Often times, I struggle with how I define myself. In different contexts, I would define myself differently. During the day, I am a Landscape Architect. In the evenings, weekends and the occasional lunch break, I am a Photographer. That sounds like a bad setup for a poorly written comic. If I wrote such a comic, the only reason it would sell copies is that so many people could identify with the protagonist. How many of you have full-time jobs that aren’t directly related to photography? I’m going to hazard a guess that the majority of you are photographers second and something else first. That’s not a bad thing. I’m still going to call you Photographers.
Photography is a hobby unlike no other. It’s a mix of the aesthetic with a bit of the technical. You could almost map out one’s brain based on the photos they take. The loose and bizarre porfolios are clearly from those who’s left brain (the logic side) shut down at birth. The opposite would be true for the left-brained folk. One could say that the Photography is one of the few artistic mediums that requires a good mix of both the right and left brain. But the proportion of left-to-right brainedness isn’t what makes you a photographer. Photography requires a certain level of curiosity. One needs to be constantly looking for new opportunities, new subject material and interesting angles. Their eyes should always be wide open, ready to take in the world in one gaping eye shot. But curiosity and observation skills do not make you a photographer. As a photographer, you also need to learn tons of technical information: Aperture, Shutter Speeds, depth of field calcualtions, focal lengths, crop factors, exposure, white balance, ad nauseum. Memorizing the entire photography section of a library does not make you a photographer.[quote_right]…when we get that camera in our hands, our bodies and our minds reset, our aches and pains ignored and we carry on…because we have passion.[/quote_right]”Alright,” you say, “what then, Travis, makes you and me a photographer?”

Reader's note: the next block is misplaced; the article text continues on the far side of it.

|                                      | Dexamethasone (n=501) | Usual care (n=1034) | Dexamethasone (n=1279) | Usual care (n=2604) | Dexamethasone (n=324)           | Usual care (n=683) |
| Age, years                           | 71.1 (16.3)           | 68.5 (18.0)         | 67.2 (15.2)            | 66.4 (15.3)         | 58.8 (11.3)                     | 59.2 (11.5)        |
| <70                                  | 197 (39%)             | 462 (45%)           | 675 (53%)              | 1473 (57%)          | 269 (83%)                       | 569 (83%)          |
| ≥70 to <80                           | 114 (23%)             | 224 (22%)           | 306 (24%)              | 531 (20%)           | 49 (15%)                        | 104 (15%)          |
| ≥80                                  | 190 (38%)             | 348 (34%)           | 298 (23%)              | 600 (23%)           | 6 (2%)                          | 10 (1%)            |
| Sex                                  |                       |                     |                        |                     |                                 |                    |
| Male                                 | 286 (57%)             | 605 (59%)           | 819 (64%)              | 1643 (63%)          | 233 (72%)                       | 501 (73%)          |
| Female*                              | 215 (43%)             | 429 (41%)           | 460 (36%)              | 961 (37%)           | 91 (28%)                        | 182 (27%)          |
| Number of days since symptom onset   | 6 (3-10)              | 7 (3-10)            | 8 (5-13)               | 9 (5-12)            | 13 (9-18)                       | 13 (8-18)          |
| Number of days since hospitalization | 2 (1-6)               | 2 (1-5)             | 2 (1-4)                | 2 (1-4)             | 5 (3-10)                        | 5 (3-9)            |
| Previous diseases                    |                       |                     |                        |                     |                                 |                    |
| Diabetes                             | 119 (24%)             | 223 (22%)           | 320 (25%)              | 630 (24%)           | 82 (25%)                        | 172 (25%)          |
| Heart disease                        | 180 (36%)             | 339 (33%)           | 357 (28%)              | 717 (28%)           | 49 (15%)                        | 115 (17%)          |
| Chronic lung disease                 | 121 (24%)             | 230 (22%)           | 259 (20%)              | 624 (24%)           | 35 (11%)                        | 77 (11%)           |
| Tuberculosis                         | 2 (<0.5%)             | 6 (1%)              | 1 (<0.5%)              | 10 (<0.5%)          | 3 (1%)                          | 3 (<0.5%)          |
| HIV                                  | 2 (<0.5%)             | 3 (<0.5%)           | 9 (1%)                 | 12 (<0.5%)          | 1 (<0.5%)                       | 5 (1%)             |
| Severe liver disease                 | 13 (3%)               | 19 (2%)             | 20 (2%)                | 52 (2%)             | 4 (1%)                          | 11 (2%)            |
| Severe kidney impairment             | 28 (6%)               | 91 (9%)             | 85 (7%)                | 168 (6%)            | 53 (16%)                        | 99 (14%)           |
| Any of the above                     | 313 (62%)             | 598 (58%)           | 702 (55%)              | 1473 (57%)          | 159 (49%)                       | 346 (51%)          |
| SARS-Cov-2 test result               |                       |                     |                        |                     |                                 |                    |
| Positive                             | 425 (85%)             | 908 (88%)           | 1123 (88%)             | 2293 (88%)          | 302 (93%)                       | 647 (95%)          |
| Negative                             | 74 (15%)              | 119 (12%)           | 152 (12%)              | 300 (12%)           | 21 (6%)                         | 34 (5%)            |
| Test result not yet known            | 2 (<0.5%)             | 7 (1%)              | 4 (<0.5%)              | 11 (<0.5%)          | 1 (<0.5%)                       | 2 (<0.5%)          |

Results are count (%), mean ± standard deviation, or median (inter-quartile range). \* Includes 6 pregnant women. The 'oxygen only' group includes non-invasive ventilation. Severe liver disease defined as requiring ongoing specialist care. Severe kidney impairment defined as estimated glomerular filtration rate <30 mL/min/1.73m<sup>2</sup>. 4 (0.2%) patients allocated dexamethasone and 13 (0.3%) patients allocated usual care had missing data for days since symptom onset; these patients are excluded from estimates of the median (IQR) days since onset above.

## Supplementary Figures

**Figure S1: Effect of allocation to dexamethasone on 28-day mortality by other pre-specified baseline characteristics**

I’m glad you asked. The answer is: Passion.
Passion is a powerful force that allows us to stand up after falling flat on our faces several times a day. And yes, we fall that often – every single time we eliminate a photo from our queue that doesn’t meet our high standards. We fail, adjust, retry, repeat. We’ll fail dozens, maybe even hundreds, of times before we get the results we want. But we’ll trudge on…because we have passion. We’ll work all day, exhausting our energy stores, our patience and our desires to be awake at our taxing jobs. But when we get that camera in our hands, our bodies and our minds reset, our aches and pains ignored and we carry on…because we have passion. Even professional photographers have a daily routine that is unnerving: Billing, paperwork, heated phone calls with suppliers, failed contracts and so on. And they carry on for those few minutes a day that they get that camera in their hands…because they have passion.
Give me all of your passion and I can teach you everything else you need to know to be a photographer. Better yet, with all that passion, you can teach yourself. You’ll experiment and learn from your mistakes. You’ll read books and websites and take seminars to help you learn the specific skills. Passion is the key to all of that. Without passion, you might as well throw in the towel. Without passion, there is no love for this often unforgiving medium.
So the next time you question whether or not you’re a photographer, look deep inside and check your passion levels. If you continue to have passion, then you’re a photographer. You are a photographer with passion. Wear the hat well – whenever you get to put it on.